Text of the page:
After the Jesuits’ influence on postmodern societies, schools and congregations, the unity of the world is achieved through a movement called Post-liberalism and its education, which is virtually the same as the Emerging Church movement. Dr. James Fodor, a writer of contemporary theology study books, defines the three main aims of Post-liberalism as follows: “(1) Faithful yet creative retrieval of the Christian tradition; (2) ecumenically open renewal of the church; and (3) compassionate healing and repair of the world” (2005, p. 229).

Nevertheless, Jesus said, “Sanctify them through thy truth: thy word is truth.” (John 17:17); and, “I am the way, the truth, and the life: no man cometh unto the Father, but by me.” (John 14:6) The Bible continues, “Neither is there salvation in any other: for there is none other name under heaven given among men, whereby we must be saved.” (Act 4:12) In other words, the Emerging Church movement lowers the truth to human level, when we can pick and choose our own essences. This belief does not lift human beings to God’s reality and truth. The truth is compromised in order not to hurt other people’s feelings. The world is being united to the detriment of Jesus being spiritualized and the Christian gospel being replaced with the social gospel. But, according to the Bible, Jesus is the only salvation from sin and death, and Christians should unite in truth (John 4:24; 16:3; Eph 4:15).

Finally, after dealing with the essentials of reality and truth, the topic “Getting Closer to God” culminates into two main questions, “How can I get closer to God and be saved?” and “What is salvation?” The Catholic Church is clear about its position on this matter. Eucharist in the Catholic Church depends on the pantheistic belief that the priest can bring God into matter as bread and wine (an act called Transubstantiation) which has come also to many protestant churches. Catholics believe that a person does not only get closer to God by the Communion, but he or she is even saved by it, which means to be saved by a human mediator (the priest) and human works (when one comes to the Communion, where “Christ is Crucified”) (“Joint Declaration,” n.d., 4.4. 28-30). This is called merged justification and sanctification. Furthermore, I have heard with my own ears that some people in Celebration Christianity, which is sometimes called Protestantism, argues that through hypnotic and ecstatic praise one can get closer to God and even experience victory over sin. Here we can see another form of sanctification that has got influences from pantheism. A third example is the mystical nothingness, emptiness and silence, or oneness with the universe or deeper reality, which is already discussed. The common idea among mysticism, Catholicism and “ecstatic Protestantism” is sanctification (or salvation, justification, merging of justification and sanctification, enlightenment or “spiritual high”) by an experience or an act.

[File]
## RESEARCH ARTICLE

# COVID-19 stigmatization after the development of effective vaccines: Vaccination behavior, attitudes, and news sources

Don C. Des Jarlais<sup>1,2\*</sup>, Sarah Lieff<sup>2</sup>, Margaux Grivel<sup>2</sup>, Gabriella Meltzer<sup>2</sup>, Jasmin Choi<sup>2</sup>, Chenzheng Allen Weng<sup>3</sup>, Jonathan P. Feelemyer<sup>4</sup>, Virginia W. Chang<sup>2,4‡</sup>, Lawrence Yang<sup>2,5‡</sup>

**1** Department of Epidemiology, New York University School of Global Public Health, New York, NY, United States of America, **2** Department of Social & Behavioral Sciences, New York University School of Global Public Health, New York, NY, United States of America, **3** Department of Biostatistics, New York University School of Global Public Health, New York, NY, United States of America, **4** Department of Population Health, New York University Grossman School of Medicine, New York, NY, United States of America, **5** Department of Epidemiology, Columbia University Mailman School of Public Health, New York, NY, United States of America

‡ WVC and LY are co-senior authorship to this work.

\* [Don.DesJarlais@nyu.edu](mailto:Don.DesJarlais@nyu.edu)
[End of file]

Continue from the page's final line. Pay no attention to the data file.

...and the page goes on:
We cannot emphasize enough the importance of the matter of Salvation. In Christianity, Jesus brought justification once and for all on the Cross at Calvary, which means that Jesus took the legal penalty of sin as the substitute for humanity’s sin (as an essence) and sins (as acts). After shedding His blood and tasting death, Jesus’ resurrection ensured the salvation from death. Human beings can bring nothing more to this general Atonement that became reality through Jesus. ”For by grace are ye saved through faith; and that not of yourselves: it is the gift of God: Not of works, lest any man should boast.” (Eph 2:8-9)